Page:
Canada’s economy contracted by 0.1 percent in February, which included the single worst drop in the transportation and warehousing sector in nearly eight years.
The gross domestic product data from Statistics Canada, released on April 30, followed an unexpectedly strong January of 0.3 percent growth. The biggest drag on the economy came from mining and oil and gas extraction, which dropped by 1.6 percent, led by 4.4 percent decline in mining and quarrying.
Overall, transportation and warehousing declined by 1.6 percent, the sharpest decline since June 2011. The drop largely came from a 10.8 percent decline in rail transportation.
“There were widespread declines in rail movement of products, such as iron ore, potash and fuel oils and crude petroleum,” Statistics Canada wrote. Unusually cold weather and strong snowfall and a rail line closure in the Canadian Rockies weighed on the sector.
Truck transportation declined more modestly, -0.5 percent, while pipeline transportation increased by 1.1 percent. Growth in natural gas transportation more than offset a small decline in crude oil transportation.
Alain Bédard, CEO of TFI International (TSX:TFI) told analysts on April 24 following a record first quarter that the harsher weather had dampened the expected lift in spring-time freight volumes for its Canadian trucking business.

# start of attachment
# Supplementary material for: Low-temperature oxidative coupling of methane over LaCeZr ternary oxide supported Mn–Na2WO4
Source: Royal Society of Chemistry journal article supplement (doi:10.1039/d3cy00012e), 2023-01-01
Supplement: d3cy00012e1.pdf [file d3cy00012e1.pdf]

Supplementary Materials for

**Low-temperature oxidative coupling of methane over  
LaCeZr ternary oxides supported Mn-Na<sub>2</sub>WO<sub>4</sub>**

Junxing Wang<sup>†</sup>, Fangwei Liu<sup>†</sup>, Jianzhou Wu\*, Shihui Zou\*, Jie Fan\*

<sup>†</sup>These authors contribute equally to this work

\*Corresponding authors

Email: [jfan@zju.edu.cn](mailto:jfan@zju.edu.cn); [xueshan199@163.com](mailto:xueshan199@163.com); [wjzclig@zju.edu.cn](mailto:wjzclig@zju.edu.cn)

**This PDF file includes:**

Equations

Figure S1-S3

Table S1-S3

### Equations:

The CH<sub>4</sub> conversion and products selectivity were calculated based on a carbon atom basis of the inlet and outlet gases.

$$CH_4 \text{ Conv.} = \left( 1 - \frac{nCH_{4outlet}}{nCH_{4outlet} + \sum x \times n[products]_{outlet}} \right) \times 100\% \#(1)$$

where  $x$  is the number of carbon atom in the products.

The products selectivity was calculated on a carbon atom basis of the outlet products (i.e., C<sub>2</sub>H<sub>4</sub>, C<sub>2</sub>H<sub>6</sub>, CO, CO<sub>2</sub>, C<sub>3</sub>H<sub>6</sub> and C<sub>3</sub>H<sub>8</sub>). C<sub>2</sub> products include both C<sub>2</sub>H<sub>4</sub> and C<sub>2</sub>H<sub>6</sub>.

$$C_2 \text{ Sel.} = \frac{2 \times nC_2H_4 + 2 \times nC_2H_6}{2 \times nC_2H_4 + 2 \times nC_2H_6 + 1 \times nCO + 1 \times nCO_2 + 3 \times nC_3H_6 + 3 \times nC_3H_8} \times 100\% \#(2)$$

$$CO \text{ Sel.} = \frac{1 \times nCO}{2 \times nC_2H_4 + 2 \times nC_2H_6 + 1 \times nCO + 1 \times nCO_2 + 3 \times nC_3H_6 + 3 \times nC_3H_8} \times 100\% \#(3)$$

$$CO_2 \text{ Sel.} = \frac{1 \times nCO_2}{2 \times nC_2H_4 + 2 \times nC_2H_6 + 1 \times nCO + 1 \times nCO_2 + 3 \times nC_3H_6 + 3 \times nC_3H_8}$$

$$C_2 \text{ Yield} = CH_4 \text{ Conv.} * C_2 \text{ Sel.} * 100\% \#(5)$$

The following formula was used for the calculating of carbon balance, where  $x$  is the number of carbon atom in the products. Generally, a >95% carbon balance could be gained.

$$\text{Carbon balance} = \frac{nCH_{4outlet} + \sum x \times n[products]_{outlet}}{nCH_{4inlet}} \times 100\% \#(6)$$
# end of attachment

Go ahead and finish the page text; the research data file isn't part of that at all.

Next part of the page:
“We’re not seeing that in Canada yet and this is, in our mind, is weather-related,” Bédard said.
Brian DePratto, a senior economist at TD, wrote in a research note on April 26 that February’s data suggested that the Canadian economy remained “in a soft patch but one driven by temporary factors.”
He also wrote, “The good news, however, is that the underlying economic signals remain generally healthy, with construction activity rising for a second month, and some modest signs of life in investment.”
Construction increased by 0.2 percent in February, led by 1.2 percent growth in residential construction.
Manufacturing declined by 0.4 percent, following a 2.1 percent jump in January, the largest in nearly 15 years. Wood products had the biggest decline, 4.2 percent. Machinery jumped by 5.2 percent and fabricated metals increased by 3.1 percent.
Retail increased by 0.2 percent, driven by strength in general merchandise stores and auto and parts dealers. Wholesale rose by 0.1 percent, including an 8.6 percent jump in auto and parts wholesalers on a surge of imported vehicles.